Live Poets Society
Mike Scott's love of poetry was evident in the early days and it has not waned, says George Byrne
One of the most intriguing live albums of the 70s begins with Lou Reed approaching the mike and quoting from WB Yeats. "The best lack all conviction while the worst are full of passionate intensity," drawls the Brooklyn bard, before adding, "now you figure out where I am" and the band plough into the classic riff from Sweet Jane.
There's every chance that when Mike Scott and The Waterboys (who, lest we forget, are named after a lyric on Lou Reed's Berlin album) perform An Appointment with Mr Yeats at the Abbey Theatre those lines from The Second Coming will be heard again, although it's rather unlikely that they'll adopt the tone of the rest of Take No Prisoners, the live recording in question, where Reed spent less time singing than he did berating journalists, fellow musicians and audience members, memorably skewering one of the latter who shouted Patti Smith's name at him, with the put-down: "Fuck Radio Ethiopia man, I'm Radio Brooklyn."
Growing up in a literary household Mike Scott always brought a poetic sensibility to The Waterboys' music. This was particularly evident on their eponymous debut, A Pagan Place, and the breakthrough This is the Sea -- where amidst the soaring, skyscraping music one could pick out lyrical threads going back to William Blake and TS Eliot, while also discerning the influence of contemporary poet/songwriters such as Patti Smith and Dylan.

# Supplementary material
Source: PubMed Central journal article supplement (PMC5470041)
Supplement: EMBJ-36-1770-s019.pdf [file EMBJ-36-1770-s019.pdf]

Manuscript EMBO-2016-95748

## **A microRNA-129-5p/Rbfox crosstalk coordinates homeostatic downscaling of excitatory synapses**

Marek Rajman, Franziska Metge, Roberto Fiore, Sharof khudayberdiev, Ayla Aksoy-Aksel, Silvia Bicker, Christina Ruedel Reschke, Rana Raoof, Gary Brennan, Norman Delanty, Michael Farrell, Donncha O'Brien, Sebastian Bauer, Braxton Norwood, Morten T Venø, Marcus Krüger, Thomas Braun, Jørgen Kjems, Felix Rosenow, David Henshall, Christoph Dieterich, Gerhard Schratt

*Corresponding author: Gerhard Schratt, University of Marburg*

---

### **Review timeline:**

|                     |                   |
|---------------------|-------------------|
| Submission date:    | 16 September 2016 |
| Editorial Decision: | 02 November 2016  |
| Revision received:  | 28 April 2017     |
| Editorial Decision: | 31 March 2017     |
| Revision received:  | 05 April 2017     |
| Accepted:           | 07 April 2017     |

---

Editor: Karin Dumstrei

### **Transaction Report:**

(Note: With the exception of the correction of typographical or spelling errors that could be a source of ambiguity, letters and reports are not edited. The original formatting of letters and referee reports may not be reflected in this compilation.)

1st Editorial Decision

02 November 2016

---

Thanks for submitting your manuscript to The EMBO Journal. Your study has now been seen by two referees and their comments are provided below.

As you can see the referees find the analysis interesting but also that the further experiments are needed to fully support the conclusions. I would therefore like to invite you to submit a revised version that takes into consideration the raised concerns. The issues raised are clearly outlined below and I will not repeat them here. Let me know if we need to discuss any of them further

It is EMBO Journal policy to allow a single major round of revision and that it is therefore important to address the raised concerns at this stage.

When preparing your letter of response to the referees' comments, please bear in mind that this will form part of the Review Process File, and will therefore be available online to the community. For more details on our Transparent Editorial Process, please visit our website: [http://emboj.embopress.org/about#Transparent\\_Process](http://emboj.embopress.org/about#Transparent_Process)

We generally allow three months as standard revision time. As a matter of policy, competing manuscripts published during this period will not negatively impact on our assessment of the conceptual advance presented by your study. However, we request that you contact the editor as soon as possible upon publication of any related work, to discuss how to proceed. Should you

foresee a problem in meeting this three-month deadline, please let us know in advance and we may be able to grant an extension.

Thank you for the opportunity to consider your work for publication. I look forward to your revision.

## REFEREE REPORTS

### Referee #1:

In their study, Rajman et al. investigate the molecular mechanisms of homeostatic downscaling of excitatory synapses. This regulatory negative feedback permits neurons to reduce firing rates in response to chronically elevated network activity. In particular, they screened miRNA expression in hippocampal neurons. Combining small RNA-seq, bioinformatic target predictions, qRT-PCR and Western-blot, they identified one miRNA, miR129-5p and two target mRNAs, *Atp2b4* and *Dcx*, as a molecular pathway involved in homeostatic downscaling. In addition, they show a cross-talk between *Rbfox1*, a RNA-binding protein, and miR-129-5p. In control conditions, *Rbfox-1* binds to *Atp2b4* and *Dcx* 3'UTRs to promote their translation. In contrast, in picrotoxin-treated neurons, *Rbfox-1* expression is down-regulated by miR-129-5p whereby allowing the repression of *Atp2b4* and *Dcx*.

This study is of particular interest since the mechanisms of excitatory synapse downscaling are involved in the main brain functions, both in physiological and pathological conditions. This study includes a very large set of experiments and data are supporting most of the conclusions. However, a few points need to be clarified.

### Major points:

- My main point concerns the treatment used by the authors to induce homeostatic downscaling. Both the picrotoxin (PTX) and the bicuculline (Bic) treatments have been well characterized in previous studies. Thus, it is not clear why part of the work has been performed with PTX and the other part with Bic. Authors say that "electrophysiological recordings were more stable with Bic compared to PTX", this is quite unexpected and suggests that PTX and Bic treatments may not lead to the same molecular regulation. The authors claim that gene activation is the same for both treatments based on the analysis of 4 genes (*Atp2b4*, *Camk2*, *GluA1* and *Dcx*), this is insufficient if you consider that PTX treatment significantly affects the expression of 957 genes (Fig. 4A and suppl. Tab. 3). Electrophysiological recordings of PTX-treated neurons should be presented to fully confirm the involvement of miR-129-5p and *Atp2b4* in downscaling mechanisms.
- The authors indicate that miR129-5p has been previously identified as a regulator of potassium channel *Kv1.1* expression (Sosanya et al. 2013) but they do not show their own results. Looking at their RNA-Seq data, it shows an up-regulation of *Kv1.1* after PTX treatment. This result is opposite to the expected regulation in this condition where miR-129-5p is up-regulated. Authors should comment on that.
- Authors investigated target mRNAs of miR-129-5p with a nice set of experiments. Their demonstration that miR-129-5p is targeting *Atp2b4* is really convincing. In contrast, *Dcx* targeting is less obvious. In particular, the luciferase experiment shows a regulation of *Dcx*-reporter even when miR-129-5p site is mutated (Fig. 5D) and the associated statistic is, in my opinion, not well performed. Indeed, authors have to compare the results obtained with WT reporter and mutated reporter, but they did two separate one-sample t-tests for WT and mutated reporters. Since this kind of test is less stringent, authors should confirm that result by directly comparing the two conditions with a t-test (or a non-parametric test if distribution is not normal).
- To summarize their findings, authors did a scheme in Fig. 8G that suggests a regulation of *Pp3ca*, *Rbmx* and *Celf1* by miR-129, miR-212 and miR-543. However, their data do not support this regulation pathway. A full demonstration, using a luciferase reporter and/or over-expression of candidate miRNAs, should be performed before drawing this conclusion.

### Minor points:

For a while The Waterboys were one of my favourite bands, making music which worked in a stadium setting but didn't stoop to the industrialised emoting of U2 or Simple Minds (who were effectively ruined as a band when Jim Kerr went for a walk with Bono the night before the Phoenix Park gig in 1983), but all that stopped when they took the disastrous step of moving to Ireland, immersing themselves in all things diddley-eye and, after spending a vast amount of money and studio time, emerged in 1988 with the substandard Fisherman's Blues.
It was bad enough for their record company that, having squandered a fortune discovering their 'new' sound, Scott & Co delivered an album which sounded like it could have been knocked together during the Holy Hour in the Béal Bocht. However, for those who'd been devotees of the band from the off, for them to supply a blueprint for every half-arsed busker for the next couple of decades was a complete betrayal of everything we'd loved about The Waterboys.
It was on Fisherman's Blues (which was followed by the even more insubstantial cod-trad of Room to Roam two years later) that Mike Scott first granted the record-buying public a taste of his WB Yeats obsession, with a decent enough instrumental backing to a reading of The Stolen Child.
Further Yeats references peppered Love and Death on the 1993 album Dream Harder, where the band again spent a shedload of record company money, this time Geffen's, to produce a rocked-up ragbag of mystical hippy drivel only redeemed by Glastonbury Song. While the Waterboys as a creative entity are effectively a thing of the past, one would trust that Scott, as is the case with John Cale and his treatments of Dylan Thomas's works, will conjure up suitable settings for the words of Ireland's greatest poet.
An Appointment with Mr Yeats, featuring Mike Scott, takes place in the Abbey Theatre for the next three nights